The people they interact with could be situated anywhere around the world, especially if it’s necessary to work with a broad international supplier base. As a result, being able to communicate clearly and effectively is essential.

 

A Broad Knowledge Base Is Critical for Supply Chain Management Careers

Continuous learning and professional development are also key to staying up to date with supply chain industry trends and best business practices used in supply chain management. For instance, the Internet of Things (IoT), artificial intelligence (AI), and Blockchain are just a few of the new technologies that people in supply chain management should know.

In addition, a greater understanding of cybersecurity is increasingly crucial in different supply chains. Gaining additional knowledge and experience in these areas can help a supply chain manager remain competitive in an expanding market.

People in supply chain management careers must expect to keep learning and take courses to improve their knowledge, skills, and abilities. If you are not keeping ahead of the competition, then the competition will eventually catch up and pass you.

 

Supply Chain Management Professionals Must Be Strong Leaders

Supply chain managers will likely have to manage a team, as any efficient supply chain involves many people. Setting a good example is critical to success.

As a leader, it is vital to encourage and motivate your team. Happy people are more productive and have increased job satisfaction. Creating a positive work environment can help everyone communicate better and achieve more goals.

Supply chain leaders require effective communication skills. Effective communication is essential for setting clear expectations, providing feedback, and addressing concerns.

Good communication also involves active listening and understanding non-verbal cues, and I strongly believe in adjusting your communication style to suit different individuals. Situational Leadership® is one of the best ways to manage a team.

Managing people also requires two other fundamental skills. One is conflict resolution, and the other is delegation.

Conflicts are inevitable in any workplace, and identifying, addressing, and constructively resolving disputes is vital for maintaining a productive work environment. You must also handle conflicts right away, as conflicts will never goes away on their own.

Delegation, however, is hard for many people as it makes them feel a loss of control. Effective delegation involves assigning tasks and responsibilities to the right team members, based on their skills and expertise.

Delegating tasks can help you manage your workload and empower your team members to take ownership of their work. However, the risk of managing others is that a leader is still responsible for the process and lack of results if the work does not get done on time.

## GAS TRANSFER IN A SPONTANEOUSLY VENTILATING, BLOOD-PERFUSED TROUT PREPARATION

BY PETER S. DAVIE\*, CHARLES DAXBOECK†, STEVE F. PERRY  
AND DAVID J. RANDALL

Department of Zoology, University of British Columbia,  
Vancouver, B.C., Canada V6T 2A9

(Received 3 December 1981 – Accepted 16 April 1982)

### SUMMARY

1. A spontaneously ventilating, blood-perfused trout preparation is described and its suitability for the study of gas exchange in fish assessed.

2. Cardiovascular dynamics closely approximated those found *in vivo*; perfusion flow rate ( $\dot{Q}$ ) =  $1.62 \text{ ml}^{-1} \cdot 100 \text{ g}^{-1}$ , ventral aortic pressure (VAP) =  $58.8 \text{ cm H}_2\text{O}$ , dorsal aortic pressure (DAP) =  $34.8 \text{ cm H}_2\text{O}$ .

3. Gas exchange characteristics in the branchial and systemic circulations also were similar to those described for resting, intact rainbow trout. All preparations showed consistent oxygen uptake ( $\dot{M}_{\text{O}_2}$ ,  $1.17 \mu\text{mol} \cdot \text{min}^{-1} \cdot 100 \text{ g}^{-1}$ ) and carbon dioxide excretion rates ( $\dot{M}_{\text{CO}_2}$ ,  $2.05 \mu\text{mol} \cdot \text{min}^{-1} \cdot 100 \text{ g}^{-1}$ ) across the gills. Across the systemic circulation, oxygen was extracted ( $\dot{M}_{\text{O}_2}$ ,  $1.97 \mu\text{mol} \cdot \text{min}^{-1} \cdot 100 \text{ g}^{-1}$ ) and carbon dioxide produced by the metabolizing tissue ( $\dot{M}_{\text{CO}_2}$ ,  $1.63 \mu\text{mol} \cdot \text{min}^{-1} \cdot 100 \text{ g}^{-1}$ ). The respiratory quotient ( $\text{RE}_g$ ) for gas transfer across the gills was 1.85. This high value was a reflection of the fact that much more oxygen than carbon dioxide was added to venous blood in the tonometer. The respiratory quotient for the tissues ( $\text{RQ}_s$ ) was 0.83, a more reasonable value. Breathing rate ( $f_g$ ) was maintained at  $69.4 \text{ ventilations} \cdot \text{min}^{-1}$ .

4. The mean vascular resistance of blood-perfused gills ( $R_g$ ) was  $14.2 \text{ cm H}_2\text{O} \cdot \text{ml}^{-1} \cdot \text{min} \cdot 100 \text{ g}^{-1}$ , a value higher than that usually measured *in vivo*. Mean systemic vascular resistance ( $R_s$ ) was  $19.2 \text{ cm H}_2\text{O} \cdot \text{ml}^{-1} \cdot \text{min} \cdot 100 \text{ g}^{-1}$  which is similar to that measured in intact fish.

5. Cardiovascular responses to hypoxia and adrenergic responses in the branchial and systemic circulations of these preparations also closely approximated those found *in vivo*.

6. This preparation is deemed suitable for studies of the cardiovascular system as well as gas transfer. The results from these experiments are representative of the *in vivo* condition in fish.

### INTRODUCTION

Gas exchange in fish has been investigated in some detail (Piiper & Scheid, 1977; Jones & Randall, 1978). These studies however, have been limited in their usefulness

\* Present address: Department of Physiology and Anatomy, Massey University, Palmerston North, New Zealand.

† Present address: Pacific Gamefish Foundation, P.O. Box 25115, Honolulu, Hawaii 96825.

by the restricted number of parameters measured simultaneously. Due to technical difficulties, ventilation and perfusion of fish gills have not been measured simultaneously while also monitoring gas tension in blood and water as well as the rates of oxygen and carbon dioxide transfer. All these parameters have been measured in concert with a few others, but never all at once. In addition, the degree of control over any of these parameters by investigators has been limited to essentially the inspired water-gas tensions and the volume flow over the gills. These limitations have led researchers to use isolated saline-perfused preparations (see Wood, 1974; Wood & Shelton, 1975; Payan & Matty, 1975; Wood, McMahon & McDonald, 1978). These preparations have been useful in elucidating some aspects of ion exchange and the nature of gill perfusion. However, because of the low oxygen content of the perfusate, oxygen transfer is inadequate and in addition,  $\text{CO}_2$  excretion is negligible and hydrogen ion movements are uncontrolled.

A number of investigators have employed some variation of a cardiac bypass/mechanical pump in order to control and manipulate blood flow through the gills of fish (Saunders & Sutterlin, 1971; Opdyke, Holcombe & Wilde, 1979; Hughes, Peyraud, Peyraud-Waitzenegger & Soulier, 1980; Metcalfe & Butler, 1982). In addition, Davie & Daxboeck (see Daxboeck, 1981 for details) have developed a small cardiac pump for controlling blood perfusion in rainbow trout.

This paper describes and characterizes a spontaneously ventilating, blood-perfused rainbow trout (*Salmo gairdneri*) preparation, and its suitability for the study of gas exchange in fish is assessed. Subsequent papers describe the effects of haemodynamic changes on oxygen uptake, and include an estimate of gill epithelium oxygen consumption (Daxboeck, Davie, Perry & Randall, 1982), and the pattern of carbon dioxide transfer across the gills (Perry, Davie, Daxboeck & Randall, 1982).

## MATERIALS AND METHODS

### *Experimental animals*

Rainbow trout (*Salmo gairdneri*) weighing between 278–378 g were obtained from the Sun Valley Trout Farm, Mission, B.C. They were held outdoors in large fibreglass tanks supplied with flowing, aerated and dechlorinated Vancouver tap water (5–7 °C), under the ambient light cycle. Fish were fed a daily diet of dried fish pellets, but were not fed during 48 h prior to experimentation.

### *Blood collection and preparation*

A Day in the Life of a Supply Chain Manager Is Never Boring

You will never know what to expect if you become a supply chain manager. I remember working for a commercial shipping company, and one of their ships had a generator go down. My boss told me that we needed to get a sizeable portable generator (600 kilowatts) and a fuel tank to a Texas port, so the vessel could sail to the next port.

My manager was in a panic, as this problem could stop the ship’s movement. I was relatively new to the company, and I guess I was not panicked enough. Somehow, he did not think I was serious enough about it.

Little did he know that this was not my first time getting a generator to a ship with problems. I made a few calls, got a few things arranged, signed a rental agreement, and arranged the trucking. After that, the generator and fuel tank were ready to go.

My boss did not know that a while back with my previous company, we had a similar problem. However, that generator was needed for delivery to Ushuaia, Argentina. If I could get a generator to the bottom of the planet, I was confident that I would get a generator delivered to Texas.

It turned out that Texas might not be as remote as Ushuaia, but it still has its issues. The truck with the generator and the fuel tank was stopped for being overweight, so I had to arrange for a second truck and a crane. Then, I needed to get the fuel tank moved to the second truck before getting the generator to the ship.

It was a messy situation, but the work got done. Ultimately, the generator was waiting on the dock for the ship to pull in and load it aboard for temporary use.

Every day in supply chain management is different, and there are always new challenges to supply chain work. Even when you think you have a situation in hand, problems with products, services, personnel, schedules, or transportation can arise and require you to use all of your skills.

Situational Leadership is a registered trademark of Leadership Studies, Inc.


About the Author
Dr. Robert Gordon, CPC
Dr. Robert Gordon, CPC, is a faculty member of the Reverse Logistics Management and Government Contracting and Acquisition programs at the University. He holds a bachelor's degree in history from the University of California, Los Angeles; a master's degree in business administration from the University of Phoenix; and a doctoral degree in management from the University of Phoenix. Dr. Gordon also holds graduate certificates in information technology project management, information technology security and logistics management from American Public University.